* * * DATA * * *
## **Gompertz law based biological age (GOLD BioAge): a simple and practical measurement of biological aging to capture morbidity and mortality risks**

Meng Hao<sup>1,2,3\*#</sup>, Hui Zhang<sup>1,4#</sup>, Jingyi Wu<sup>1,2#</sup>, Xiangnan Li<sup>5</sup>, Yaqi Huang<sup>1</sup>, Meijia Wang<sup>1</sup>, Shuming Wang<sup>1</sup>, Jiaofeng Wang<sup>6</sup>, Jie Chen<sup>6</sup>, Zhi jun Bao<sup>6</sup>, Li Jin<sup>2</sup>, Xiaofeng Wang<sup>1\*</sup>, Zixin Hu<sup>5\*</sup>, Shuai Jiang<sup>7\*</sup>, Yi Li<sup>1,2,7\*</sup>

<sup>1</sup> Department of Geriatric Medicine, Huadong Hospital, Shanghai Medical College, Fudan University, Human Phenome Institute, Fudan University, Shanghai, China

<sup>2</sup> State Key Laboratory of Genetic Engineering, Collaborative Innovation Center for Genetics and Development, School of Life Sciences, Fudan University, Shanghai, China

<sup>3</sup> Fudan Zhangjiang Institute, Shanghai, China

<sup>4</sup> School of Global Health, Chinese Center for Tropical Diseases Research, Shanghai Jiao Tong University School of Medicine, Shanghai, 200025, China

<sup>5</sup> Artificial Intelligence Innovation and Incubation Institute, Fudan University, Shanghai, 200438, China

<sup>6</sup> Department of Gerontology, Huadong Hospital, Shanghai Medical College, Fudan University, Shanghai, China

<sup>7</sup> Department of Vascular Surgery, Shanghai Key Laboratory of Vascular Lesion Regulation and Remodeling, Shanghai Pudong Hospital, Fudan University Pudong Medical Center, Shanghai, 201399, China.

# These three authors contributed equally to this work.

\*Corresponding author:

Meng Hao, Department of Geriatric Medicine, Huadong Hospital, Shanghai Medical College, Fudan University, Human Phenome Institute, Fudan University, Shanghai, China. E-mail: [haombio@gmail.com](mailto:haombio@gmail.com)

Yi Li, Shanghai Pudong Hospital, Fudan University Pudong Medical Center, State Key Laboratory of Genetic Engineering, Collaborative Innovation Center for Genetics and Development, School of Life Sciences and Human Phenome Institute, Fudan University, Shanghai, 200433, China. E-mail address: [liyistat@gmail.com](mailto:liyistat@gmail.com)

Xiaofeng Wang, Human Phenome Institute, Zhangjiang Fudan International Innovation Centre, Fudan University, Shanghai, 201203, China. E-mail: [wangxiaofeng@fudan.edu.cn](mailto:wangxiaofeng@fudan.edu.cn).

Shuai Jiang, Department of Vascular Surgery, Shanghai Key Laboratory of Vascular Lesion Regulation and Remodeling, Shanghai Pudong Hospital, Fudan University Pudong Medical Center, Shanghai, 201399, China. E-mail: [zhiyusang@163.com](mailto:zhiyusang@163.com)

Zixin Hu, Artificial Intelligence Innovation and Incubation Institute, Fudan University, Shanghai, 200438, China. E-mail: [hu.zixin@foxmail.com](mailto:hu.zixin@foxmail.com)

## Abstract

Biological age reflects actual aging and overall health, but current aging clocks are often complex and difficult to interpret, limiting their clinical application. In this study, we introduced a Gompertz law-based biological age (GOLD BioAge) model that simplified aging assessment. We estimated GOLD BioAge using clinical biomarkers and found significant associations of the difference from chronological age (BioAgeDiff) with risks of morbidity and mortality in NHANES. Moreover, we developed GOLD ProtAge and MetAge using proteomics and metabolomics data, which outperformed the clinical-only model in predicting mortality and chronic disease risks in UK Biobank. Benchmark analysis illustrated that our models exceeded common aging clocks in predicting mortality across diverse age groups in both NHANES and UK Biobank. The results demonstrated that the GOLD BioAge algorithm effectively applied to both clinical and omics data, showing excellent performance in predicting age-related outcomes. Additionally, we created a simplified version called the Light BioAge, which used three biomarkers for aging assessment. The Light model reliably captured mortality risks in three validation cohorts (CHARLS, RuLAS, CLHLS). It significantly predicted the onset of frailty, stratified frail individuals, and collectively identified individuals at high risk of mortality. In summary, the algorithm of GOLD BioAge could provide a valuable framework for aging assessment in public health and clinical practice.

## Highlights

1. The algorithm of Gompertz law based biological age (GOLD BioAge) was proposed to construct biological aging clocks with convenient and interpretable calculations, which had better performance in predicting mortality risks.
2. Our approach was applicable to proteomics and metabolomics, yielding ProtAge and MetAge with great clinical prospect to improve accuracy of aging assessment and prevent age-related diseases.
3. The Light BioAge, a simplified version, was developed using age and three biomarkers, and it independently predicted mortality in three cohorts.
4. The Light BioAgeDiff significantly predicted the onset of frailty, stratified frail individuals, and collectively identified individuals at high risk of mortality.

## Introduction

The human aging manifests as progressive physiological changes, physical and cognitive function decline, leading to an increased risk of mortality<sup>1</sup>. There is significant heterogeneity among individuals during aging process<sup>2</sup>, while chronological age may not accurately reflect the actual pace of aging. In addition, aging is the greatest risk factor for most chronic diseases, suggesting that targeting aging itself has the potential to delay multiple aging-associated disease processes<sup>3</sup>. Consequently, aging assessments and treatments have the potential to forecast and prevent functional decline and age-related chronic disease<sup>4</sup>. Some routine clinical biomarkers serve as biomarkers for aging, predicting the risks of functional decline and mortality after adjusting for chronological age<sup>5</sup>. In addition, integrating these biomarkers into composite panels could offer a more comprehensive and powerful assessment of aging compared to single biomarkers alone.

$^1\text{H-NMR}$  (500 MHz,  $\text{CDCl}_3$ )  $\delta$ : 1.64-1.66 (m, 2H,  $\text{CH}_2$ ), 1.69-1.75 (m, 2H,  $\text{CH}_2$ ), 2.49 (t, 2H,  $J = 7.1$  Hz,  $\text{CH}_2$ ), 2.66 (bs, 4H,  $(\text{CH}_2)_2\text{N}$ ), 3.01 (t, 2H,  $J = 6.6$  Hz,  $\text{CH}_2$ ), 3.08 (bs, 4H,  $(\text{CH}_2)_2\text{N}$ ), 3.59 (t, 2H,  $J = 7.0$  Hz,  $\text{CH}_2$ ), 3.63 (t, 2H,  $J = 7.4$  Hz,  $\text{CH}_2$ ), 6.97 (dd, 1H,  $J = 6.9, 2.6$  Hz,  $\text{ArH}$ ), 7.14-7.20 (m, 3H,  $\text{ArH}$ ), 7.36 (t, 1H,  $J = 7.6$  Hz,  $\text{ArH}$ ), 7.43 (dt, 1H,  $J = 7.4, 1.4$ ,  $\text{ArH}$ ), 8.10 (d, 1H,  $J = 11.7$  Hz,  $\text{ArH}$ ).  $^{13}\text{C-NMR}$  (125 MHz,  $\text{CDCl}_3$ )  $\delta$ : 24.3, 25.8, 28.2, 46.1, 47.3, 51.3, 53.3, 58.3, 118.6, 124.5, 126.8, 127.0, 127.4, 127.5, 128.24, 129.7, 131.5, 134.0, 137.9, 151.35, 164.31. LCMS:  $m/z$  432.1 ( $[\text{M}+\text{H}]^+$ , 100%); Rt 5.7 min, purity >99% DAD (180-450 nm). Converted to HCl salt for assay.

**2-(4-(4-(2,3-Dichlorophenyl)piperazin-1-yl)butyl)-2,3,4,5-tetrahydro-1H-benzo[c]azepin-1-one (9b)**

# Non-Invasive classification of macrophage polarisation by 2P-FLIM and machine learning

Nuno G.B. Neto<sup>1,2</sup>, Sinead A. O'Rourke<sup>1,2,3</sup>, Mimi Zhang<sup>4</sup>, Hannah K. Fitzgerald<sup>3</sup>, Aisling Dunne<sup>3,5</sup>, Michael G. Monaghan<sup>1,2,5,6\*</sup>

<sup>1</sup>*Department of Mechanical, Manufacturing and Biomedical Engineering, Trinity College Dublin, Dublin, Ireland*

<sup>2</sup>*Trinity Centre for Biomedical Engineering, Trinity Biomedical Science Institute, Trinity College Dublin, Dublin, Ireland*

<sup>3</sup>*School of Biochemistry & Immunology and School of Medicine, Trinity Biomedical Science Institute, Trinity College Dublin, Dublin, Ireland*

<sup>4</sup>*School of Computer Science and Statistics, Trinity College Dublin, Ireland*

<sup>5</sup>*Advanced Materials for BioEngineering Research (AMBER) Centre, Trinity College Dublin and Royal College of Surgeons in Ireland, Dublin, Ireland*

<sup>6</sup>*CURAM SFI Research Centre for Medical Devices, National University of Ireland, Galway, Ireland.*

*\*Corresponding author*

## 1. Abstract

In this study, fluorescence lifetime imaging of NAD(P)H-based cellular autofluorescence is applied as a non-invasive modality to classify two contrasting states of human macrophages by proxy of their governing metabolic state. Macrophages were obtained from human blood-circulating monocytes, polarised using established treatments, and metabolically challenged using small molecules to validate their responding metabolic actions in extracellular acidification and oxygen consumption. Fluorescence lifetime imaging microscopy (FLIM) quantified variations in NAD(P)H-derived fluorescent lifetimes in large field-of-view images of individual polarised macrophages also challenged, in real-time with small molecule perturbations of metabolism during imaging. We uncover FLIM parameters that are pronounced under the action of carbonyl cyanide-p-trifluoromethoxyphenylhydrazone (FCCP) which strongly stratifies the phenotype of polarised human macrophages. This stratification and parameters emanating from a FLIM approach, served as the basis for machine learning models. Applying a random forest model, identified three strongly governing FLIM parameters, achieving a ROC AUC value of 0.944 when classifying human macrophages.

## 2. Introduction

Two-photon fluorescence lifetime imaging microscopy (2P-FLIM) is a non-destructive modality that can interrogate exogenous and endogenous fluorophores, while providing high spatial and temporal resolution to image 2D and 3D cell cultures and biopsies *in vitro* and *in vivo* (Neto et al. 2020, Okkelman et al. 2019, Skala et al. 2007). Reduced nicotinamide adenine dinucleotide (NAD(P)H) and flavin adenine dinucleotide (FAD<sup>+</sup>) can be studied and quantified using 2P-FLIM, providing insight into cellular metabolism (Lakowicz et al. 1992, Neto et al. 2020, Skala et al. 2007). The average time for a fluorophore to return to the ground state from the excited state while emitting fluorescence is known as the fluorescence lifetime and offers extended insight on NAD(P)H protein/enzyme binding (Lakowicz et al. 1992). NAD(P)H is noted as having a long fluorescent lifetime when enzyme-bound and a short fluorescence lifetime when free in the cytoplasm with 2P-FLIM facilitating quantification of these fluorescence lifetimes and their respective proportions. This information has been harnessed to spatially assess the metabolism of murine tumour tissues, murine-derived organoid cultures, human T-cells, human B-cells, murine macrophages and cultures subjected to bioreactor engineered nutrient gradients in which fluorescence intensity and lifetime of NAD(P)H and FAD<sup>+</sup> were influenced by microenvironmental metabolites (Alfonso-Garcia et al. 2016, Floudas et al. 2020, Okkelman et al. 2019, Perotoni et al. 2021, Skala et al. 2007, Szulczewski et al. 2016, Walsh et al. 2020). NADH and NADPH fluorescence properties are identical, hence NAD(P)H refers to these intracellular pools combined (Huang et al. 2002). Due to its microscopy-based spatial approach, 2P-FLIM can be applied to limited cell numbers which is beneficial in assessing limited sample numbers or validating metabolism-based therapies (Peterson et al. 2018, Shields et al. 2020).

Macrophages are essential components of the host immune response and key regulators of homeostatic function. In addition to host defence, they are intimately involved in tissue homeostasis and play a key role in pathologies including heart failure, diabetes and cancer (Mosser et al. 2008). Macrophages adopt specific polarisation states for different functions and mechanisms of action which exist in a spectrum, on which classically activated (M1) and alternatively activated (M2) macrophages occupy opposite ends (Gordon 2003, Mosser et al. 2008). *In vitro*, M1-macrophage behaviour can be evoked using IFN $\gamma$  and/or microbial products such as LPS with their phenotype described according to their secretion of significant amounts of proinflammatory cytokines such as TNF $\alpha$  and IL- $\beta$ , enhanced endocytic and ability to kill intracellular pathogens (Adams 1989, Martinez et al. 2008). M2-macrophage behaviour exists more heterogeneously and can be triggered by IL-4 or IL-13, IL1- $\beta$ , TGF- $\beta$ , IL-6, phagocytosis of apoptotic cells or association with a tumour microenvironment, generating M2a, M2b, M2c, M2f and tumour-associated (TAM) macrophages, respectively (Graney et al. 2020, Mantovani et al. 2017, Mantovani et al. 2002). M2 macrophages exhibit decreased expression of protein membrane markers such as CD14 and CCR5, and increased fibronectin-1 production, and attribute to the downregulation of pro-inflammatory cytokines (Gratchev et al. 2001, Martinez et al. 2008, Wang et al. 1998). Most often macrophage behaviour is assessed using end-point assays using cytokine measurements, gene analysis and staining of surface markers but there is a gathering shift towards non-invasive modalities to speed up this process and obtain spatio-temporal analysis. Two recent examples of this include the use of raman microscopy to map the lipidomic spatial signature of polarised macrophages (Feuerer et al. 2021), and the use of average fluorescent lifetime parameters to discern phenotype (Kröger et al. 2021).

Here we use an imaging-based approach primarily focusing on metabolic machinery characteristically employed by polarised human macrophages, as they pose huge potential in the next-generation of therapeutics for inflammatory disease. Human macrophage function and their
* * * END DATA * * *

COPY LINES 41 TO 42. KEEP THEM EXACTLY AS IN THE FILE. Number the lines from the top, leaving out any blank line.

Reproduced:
Macrophages are essential components of the host immune response and key regulators of homeostatic function. In addition to host defence, they are intimately involved in tissue homeostasis and play a key role in pathologies including heart failure, diabetes and cancer (Mosser et al. 2008). Macrophages adopt specific polarisation states for different functions and mechanisms of action which exist in a spectrum, on which classically activated (M1) and alternatively activated (M2) macrophages occupy opposite ends (Gordon 2003, Mosser et al. 2008). *In vitro*, M1-macrophage behaviour can be evoked using IFN $\gamma$  and/or microbial products such as LPS with their phenotype described according to their secretion of significant amounts of proinflammatory cytokines such as TNF $\alpha$  and IL- $\beta$ , enhanced endocytic and ability to kill intracellular pathogens (Adams 1989, Martinez et al. 2008). M2-macrophage behaviour exists more heterogeneously and can be triggered by IL-4 or IL-13, IL1- $\beta$ , TGF- $\beta$ , IL-6, phagocytosis of apoptotic cells or association with a tumour microenvironment, generating M2a, M2b, M2c, M2f and tumour-associated (TAM) macrophages, respectively (Graney et al. 2020, Mantovani et al. 2017, Mantovani et al. 2002). M2 macrophages exhibit decreased expression of protein membrane markers such as CD14 and CCR5, and increased fibronectin-1 production, and attribute to the downregulation of pro-inflammatory cytokines (Gratchev et al. 2001, Martinez et al. 2008, Wang et al. 1998). Most often macrophage behaviour is assessed using end-point assays using cytokine measurements, gene analysis and staining of surface markers but there is a gathering shift towards non-invasive modalities to speed up this process and obtain spatio-temporal analysis. Two recent examples of this include the use of raman microscopy to map the lipidomic spatial signature of polarised macrophages (Feuerer et al. 2021), and the use of average fluorescent lifetime parameters to discern phenotype (Kröger et al. 2021).

Here we use an imaging-based approach primarily focusing on metabolic machinery characteristically employed by polarised human macrophages, as they pose huge potential in the next-generation of therapeutics for inflammatory disease. Human macrophage function and their